The evolution of videoconferencing

Up until a few years ago, videoconferencing tended to fall into one of two camps: Fortune 500 companies with vast budgets had dedicated expensive conference suites reminiscent of mini broadcast studios; smaller organisations had to make to do with cheaper solutions which sacrificed picture and audio quality. At either end of the spectrum, shortcomings in user friendliness and reliability often led to a phone call to the IT team begging for support. Here, Alessandro Marcello, Product Manager, Sony Professional Solutions Europe discusses how video conferencing is no longer just for the big spenders out there.

A particular culprit during this first generation of videoconferencing was Internet connectivity, since those with a poor connection were left to decipher jumpy dialogue with some blurry talking heads. With these restrictions in mind, the objective was for calls that were simply ‘good enough’; the purpose, after all, was to save costs by removing the need to travel for a face-to-face meeting.

Today, however, high quality videoconferencing isn’t the reserve of the few. Increased access to high speed broadband Internet, Wi-Fi and 4G networks has spurred on consumer services such as Skype and Google Hangouts, while budget restrictions have intensified the need for a ‘virtual’ business model for organisations of all shapes and sizes. This means the game has changed for a new generation of professional products and applications: the focus is now on matching the usability we all take as second nature from consumer applications while out-performing them in terms of reliability, security and flexibility.

In particular, I believe there are five trends underpinning the design of the latest video conferencing solutions:

The role of multimedia content as a catalyst for more productive meetings. Today’s meetings seldom involve mere spoken dialogue or one-way presentation; instead rich content tends to act as a reference point to spur on fruitful, lively conversations. Our new PCS-XC1 system allows video and stills to be drawn upon using a Wacom Bambooand wireless pen then shared among remote participants, enabling video to become another means of coaxing new ideas out of teams as they collaborate.

Going beyond meetings. Recreating face-to-face meetings between two or more people at the same time is just one element of what videoconferencing can deliver. Organisations are increasingly looking for a multipurpose tool for boosting the efficiency and productivity of how their employees communicate together. For instance, today’s solutions can simultaneously stream and record, so as to make the most of, say, an internal ‘town hall’ meeting or customer webinar.

Connectivity everywhere between people… and products. Whether the full-blown suites of large enterprises or the webcams of smaller companies, yesterday’s videoconferencing tended to take place in a fixed corporate meeting room. Now, however, it can exceed physical limitations to join the dots in building sites, laboratories, operating theatres, lecture halls, courthouses, classrooms and even places of worship. Wireless units can be picked up and taken anywhere, while solutions such as our new SRG-300SE can be remotely accessed and managed from anywhere on a company’s network.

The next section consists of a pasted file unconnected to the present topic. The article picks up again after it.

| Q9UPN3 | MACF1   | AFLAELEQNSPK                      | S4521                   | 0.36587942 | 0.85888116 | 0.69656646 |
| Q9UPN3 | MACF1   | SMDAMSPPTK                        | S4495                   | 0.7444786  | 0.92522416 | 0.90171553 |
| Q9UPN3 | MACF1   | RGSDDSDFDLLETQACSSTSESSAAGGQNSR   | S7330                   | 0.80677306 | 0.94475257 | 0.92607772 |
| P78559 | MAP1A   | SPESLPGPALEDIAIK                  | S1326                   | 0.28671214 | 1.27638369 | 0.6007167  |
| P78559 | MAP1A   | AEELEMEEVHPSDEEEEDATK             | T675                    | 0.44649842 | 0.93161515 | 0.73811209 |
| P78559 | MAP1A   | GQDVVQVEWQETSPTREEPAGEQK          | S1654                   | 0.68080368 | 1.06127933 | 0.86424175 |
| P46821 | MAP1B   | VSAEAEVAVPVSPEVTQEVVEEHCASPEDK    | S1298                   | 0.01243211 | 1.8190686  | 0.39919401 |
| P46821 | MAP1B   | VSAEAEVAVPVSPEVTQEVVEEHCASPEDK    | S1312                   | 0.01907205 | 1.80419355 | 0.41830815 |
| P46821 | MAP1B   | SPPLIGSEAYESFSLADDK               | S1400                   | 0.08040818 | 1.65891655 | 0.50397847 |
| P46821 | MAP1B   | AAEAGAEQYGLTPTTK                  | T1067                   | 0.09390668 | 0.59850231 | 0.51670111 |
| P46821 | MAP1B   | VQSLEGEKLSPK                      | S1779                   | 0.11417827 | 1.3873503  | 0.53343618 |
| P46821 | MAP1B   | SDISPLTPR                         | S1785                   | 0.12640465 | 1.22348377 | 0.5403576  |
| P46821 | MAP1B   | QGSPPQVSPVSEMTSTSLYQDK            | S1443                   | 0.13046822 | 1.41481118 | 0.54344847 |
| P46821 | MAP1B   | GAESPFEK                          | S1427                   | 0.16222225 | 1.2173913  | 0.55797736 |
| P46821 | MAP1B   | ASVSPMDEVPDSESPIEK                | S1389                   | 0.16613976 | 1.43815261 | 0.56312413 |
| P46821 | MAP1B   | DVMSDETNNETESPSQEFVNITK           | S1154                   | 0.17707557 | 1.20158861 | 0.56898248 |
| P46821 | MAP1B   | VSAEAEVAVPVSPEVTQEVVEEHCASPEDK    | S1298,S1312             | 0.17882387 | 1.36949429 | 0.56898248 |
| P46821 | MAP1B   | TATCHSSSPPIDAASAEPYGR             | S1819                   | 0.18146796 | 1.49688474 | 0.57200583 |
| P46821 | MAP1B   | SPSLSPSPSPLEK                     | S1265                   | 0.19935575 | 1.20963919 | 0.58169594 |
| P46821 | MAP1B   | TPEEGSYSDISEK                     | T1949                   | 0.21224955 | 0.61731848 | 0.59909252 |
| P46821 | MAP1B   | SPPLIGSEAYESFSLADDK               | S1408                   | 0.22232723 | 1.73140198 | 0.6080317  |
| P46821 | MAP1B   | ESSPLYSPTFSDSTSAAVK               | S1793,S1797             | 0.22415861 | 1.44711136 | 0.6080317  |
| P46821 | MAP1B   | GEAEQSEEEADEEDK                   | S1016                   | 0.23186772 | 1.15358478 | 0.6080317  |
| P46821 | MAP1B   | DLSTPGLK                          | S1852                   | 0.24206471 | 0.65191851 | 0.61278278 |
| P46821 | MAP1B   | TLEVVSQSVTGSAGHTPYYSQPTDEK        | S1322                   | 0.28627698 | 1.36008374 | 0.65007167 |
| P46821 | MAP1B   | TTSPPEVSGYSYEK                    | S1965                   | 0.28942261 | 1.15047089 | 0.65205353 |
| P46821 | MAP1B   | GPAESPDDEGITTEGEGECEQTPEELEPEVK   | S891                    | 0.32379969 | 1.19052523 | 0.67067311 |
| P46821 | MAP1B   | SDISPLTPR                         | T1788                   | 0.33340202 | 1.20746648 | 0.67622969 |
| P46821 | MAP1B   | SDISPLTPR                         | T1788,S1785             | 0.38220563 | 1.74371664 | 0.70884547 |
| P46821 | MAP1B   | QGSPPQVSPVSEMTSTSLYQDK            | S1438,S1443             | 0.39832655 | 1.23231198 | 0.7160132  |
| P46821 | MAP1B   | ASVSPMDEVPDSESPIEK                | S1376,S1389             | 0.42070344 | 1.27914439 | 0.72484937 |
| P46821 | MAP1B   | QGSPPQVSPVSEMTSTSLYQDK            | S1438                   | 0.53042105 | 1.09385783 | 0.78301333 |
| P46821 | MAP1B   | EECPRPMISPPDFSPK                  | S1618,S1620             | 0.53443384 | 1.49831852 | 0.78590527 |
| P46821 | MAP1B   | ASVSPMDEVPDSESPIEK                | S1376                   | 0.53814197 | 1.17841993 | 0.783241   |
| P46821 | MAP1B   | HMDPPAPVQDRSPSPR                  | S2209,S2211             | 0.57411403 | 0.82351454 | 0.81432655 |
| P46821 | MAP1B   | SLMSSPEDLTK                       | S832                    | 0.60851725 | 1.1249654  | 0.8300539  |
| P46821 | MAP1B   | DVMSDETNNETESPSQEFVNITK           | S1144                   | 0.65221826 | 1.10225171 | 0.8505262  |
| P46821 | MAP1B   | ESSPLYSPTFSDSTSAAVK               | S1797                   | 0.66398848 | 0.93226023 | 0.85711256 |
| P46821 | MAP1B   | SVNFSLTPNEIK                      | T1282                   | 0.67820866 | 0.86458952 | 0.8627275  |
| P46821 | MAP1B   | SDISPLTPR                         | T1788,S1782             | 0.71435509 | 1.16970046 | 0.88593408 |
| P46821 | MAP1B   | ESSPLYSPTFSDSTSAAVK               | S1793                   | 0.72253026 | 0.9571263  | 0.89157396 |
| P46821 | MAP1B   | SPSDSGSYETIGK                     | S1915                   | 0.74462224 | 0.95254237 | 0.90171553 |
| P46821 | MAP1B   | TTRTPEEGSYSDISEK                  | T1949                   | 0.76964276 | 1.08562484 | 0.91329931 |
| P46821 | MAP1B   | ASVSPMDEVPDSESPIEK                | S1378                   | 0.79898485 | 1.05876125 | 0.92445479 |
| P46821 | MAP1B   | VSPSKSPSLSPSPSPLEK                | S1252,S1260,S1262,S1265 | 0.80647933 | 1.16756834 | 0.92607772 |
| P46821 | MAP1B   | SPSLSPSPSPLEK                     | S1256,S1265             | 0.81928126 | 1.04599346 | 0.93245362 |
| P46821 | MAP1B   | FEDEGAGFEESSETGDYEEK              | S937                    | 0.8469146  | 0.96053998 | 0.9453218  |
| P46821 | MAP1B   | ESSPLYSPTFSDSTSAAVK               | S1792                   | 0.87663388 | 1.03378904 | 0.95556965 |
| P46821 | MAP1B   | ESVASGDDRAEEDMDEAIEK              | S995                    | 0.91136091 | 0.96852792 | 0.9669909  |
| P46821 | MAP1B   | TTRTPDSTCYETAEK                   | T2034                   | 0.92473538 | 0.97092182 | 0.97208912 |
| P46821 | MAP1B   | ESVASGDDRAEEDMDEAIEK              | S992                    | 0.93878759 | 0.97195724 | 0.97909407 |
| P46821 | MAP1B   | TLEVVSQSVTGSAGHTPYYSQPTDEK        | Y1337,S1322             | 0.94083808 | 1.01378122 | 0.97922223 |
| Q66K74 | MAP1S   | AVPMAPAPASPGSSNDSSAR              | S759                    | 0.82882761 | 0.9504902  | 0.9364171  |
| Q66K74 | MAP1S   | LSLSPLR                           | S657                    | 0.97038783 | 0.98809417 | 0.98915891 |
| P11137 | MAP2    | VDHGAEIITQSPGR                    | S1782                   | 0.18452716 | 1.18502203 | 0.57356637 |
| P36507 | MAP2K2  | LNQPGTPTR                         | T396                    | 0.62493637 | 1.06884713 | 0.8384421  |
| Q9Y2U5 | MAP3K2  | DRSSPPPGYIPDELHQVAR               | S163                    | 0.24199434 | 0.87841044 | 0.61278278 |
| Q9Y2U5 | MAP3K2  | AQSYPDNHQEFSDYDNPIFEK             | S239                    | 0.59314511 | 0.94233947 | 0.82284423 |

Surpassing the consumer ‘norm’ of picture quality…Consumer applications haven’t only heightened expectations around video connectivity; streaming smooth, HD-quality images is also taken by many as a given thanks to YouTube, Netflix and a proliferation of on-demand catch-up services. This means that grainy or washed out images simply aren’t good enough. Our videoconferencing products actually upscale the picture quality, using a technology called Visibility Enhancer to optimise the brightness and color reproduction of an image on a pixel-by-pixel basis.

… and meeting their expectations to ‘plug-and-play’. Technology in our homes has become democratised to the extent that we expect products to work straight out of the box, and to seamlessly operate alongside all our other devices. The same is true of today’s videoconferencing products, which can be operated on a smartphone at the touch of an app – and without the need to turn pleadingly to IT for support.

These five factors were front of mind for us when we built our two latest products. The SRG-300SE is a multi-purpose HD visual imaging camera, capable of syncing video and audio, while streaming them over IP and simultaneously outputting to a video recorder. The PCS-XC1 is capable of delivering video calls up to 1080p, combining the portability and user friendliness of consumer applications with the picture quality, security and reliability of a real H.323 VC.

I believe these two products are leading examples of a new generation of videoconferencing: one where organisations of all sizes can expect a fantastic experience and where ‘good enough’ is, quite frankly, not good enough at all.

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David Dungay

Editor - Comms Business Magazine